These findings present an important avenue for additional research. Our data cannot capture everything that goes into creating an efficient school system, and there were confounding variables that our study was not able to control for. For instance, school systems with weak tax bases may be subject to greater administrative burdens and have less control over how funds are spent, which might make it harder for them to be efficient. Such school systems also typically tend to have greater proportions of low-wealth parents, whose students often perform less well on reading and math exams. But we could not account for differences in revenue sources because the fiscal database produced by NCES does not track expenditures by source, and this may make districts with weaker tax bases appear less efficient than they really are.
Highly productive districts are focused on improving student outcomes
We surveyed a sample of the districts that performed well on each of our productivity metrics, and they shared a number of attributes, such as building support within their communities for productivity reforms and using data-mining practices to reduce inefficiencies.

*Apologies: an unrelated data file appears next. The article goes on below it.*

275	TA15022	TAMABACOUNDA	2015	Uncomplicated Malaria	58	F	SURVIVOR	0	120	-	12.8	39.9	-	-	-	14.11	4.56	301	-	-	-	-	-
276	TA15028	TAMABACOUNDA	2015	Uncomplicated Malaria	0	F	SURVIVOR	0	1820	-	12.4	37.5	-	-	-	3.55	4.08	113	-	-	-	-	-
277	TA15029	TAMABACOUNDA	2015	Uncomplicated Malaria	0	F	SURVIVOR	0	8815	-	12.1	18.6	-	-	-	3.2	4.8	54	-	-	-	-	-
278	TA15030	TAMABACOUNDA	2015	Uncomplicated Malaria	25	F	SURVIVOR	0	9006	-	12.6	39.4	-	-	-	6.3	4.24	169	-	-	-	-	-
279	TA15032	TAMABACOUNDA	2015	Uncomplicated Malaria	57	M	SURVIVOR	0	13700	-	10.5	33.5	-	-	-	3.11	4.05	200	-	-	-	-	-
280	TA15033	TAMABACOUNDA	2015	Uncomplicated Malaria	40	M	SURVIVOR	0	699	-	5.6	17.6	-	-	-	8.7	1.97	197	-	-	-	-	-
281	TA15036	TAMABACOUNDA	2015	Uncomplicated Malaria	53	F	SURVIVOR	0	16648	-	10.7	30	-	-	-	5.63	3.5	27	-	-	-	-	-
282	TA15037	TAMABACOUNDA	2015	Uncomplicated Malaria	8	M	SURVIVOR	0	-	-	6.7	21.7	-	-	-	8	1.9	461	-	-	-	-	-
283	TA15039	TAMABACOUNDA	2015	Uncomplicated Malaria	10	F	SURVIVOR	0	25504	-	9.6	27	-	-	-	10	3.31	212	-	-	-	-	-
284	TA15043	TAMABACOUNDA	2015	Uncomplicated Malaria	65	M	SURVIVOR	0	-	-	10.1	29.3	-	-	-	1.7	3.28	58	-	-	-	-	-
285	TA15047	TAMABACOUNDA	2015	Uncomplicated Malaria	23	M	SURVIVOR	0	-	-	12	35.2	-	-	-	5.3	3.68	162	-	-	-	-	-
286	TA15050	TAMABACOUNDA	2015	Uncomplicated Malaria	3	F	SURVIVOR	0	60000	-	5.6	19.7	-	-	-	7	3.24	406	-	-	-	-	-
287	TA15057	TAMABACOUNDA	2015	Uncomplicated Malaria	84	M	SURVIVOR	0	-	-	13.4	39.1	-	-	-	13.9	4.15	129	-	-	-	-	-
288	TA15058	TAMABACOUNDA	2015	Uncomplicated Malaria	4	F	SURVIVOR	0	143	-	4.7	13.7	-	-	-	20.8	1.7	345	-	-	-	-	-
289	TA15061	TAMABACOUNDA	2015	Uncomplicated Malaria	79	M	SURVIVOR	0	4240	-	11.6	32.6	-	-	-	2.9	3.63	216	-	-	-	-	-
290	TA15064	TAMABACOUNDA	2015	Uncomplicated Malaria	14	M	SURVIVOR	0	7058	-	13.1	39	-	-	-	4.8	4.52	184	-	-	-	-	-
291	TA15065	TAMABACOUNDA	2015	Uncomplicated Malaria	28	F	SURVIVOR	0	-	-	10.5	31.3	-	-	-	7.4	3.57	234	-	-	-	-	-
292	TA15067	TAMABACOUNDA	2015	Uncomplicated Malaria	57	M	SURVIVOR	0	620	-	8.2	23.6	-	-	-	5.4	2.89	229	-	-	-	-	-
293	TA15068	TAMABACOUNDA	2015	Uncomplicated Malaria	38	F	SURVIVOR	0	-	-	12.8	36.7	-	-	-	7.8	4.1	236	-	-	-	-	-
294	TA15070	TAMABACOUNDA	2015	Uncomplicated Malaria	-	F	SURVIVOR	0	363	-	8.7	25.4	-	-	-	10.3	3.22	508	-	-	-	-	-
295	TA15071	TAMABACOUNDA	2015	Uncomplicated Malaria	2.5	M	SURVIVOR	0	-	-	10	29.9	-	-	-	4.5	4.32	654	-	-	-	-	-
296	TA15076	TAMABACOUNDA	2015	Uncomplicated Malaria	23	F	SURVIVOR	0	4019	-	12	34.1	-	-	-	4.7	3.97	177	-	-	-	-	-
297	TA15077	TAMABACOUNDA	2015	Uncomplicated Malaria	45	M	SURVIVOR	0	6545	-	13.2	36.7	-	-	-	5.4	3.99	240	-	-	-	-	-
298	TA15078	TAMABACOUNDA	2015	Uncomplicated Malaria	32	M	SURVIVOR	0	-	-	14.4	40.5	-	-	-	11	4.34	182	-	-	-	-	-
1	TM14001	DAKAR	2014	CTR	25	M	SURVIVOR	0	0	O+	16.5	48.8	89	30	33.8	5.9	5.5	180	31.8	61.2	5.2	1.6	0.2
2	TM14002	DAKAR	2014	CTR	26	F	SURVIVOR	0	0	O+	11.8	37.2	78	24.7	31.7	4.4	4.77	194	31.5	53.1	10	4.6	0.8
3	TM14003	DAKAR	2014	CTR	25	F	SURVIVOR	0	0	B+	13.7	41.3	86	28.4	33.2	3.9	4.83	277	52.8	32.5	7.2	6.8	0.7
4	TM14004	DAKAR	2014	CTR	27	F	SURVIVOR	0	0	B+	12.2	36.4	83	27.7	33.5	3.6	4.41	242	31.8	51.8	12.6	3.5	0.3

States and districts fail to evaluate the productivity of schools and districts
Only two states, Florida and Texas, currently provide annual school-level productivity evaluations, which report to the public how well funds are being spent at the local level. But without consistent metrics, educators will not be able to figure out if school dollars are well spent.
The quality of education data is often poor, which impedes the study of educational productivity
In far too many cases, crucial data on school finance, operations, and outcomes are unavailable, making it difficult to accurately measure the achievement that a school district produces relative to its expenditures. For instance, we could not control for certain cost factors, such as transportation, due to a lack of robust data, and so a rural district that has high busing costs because its students are spread out over a large area might be at a disadvantage in some of our metrics relative to a more densely populated district.